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Tue Dec 4, 2012, 02:27 PM

Venezuela chocolate king thrives despite controls

http://news.yahoo.com/venezuela-chocolate-king-thrives-despite-controls-185401910.html;_ylt=Aq2jNHIX8uYbsBR_GQ7zP9y8aw8F;_ylu=X3oDMTRiODR1MHFvBG1pdANUb3BTdG9yeSAgV29ybGRTRiBMYXRpbkFtZXJpY2FTU0YEcGtnAzZhY2ExMGE2LTE2OTEtMzJlNy1iZjk2LWM1NDE5YTFhZWE5YgRwb3MDMQRzZWMDdG9wX3N0b3J5BHZlcgMyMTA5NmJlMC0zZTQ0LTExZTItYmZiNi0yMGUwZGI3NjQ4MmI-;_ylg=X3oDMTIwcDJlNnBhBGludGwDdXMEbGFuZwNlbi11cwRwc3RhaWQDBHBzdGNhdAN3b3JsZHxsYXRpbmFtZXJpY2EEcHQDc2VjdGlvbnM-;_ylv=3

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El Rey's growing business illustrates how some entrepreneurs are managing to hold on and even thrive in Venezuela despite more government regulations and state takeovers of companies and farmland. Producers of crops such as coffee and sugar have struggled in the face of price controls and cheap imports.

El Rey used to go through just four bureaucratic steps to export its chocolate. Now, owner Jorge Redmond says the list of requirements has grown to more than 50.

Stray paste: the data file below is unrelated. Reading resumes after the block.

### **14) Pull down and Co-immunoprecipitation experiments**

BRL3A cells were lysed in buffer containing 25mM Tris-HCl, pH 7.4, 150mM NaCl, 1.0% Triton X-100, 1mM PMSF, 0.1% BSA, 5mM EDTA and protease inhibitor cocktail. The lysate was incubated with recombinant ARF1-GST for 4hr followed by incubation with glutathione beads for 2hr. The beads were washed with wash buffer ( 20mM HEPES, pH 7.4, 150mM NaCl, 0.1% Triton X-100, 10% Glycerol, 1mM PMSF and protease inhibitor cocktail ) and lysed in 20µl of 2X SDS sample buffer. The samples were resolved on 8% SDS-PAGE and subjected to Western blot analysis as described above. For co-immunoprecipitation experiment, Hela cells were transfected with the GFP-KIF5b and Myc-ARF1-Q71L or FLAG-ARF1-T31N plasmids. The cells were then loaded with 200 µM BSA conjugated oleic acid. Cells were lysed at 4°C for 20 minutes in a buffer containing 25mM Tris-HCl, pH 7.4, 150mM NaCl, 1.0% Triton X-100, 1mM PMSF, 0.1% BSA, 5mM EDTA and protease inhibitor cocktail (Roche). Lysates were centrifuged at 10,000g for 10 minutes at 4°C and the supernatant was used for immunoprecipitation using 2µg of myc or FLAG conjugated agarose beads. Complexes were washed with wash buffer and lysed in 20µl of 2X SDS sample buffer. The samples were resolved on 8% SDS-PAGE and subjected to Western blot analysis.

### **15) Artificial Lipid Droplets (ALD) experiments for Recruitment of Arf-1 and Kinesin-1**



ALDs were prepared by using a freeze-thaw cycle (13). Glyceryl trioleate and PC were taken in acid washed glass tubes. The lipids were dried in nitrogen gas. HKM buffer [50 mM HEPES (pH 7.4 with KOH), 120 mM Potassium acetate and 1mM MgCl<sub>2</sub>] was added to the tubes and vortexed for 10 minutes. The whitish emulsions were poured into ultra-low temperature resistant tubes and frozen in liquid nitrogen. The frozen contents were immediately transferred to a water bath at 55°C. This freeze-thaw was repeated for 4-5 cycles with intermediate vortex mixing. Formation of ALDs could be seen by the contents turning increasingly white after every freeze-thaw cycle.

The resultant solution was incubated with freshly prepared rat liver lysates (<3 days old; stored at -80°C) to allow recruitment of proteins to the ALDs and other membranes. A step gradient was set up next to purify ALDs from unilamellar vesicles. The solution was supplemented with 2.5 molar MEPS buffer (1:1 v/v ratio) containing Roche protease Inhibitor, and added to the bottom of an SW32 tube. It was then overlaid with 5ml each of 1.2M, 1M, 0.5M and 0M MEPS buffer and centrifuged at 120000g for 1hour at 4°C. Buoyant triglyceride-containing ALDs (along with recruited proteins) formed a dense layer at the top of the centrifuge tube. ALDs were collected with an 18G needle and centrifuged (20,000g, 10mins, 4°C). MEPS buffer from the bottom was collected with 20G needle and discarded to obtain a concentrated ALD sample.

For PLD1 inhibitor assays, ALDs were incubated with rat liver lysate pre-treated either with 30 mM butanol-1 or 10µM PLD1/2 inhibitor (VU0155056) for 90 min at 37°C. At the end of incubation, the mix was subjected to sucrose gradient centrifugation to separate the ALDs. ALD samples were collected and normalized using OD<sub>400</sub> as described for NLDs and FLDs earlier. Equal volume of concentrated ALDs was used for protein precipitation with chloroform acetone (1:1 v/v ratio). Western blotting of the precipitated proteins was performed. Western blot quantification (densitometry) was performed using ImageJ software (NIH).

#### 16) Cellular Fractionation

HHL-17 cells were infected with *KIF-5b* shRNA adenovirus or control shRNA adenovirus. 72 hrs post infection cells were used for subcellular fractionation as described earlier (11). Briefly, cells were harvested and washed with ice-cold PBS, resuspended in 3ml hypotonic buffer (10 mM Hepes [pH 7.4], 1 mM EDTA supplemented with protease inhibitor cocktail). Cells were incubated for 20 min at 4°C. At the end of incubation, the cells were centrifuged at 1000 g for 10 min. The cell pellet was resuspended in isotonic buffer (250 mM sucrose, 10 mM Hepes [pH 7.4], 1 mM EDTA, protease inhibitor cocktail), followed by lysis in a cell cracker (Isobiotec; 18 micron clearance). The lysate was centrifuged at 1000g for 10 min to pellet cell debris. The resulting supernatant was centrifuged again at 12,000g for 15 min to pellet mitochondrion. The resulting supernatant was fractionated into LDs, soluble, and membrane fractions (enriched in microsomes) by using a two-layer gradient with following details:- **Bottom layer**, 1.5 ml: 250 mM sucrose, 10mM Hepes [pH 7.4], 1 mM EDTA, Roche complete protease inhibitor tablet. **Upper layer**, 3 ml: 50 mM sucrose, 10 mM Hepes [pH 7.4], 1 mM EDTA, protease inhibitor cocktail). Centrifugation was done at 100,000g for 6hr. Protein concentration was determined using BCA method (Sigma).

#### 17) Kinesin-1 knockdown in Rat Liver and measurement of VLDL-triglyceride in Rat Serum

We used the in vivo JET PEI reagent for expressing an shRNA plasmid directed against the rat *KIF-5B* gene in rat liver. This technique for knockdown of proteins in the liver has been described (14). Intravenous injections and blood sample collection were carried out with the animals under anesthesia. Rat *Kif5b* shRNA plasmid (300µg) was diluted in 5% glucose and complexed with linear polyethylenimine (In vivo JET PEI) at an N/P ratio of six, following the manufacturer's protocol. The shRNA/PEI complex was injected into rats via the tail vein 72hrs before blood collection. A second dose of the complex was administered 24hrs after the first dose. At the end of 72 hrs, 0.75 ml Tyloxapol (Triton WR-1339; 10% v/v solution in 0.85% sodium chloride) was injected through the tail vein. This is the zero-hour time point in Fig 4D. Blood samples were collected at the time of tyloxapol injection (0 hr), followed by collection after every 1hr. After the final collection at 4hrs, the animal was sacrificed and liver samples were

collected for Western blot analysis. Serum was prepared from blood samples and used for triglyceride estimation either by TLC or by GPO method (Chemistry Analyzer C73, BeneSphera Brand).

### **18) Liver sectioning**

Some cacao plantations have been taken over by the government, and while those seizures haven't affected El Rey, the company suffered a major setback a decade ago when its model farm was overrun by squatters. Those who took the land planted corn and cut down towering mahogany and saman trees.

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German-born Kai Rosenberg, however, tells a different story. He said his small plantations were seized by the government without warning when National Guard troops arrived in 2010. "There was no explanation. They just came and put a lock on my door and said we had to go," said Rosenberg, who hasn't been able to talk with anyone in the government since about compensation.

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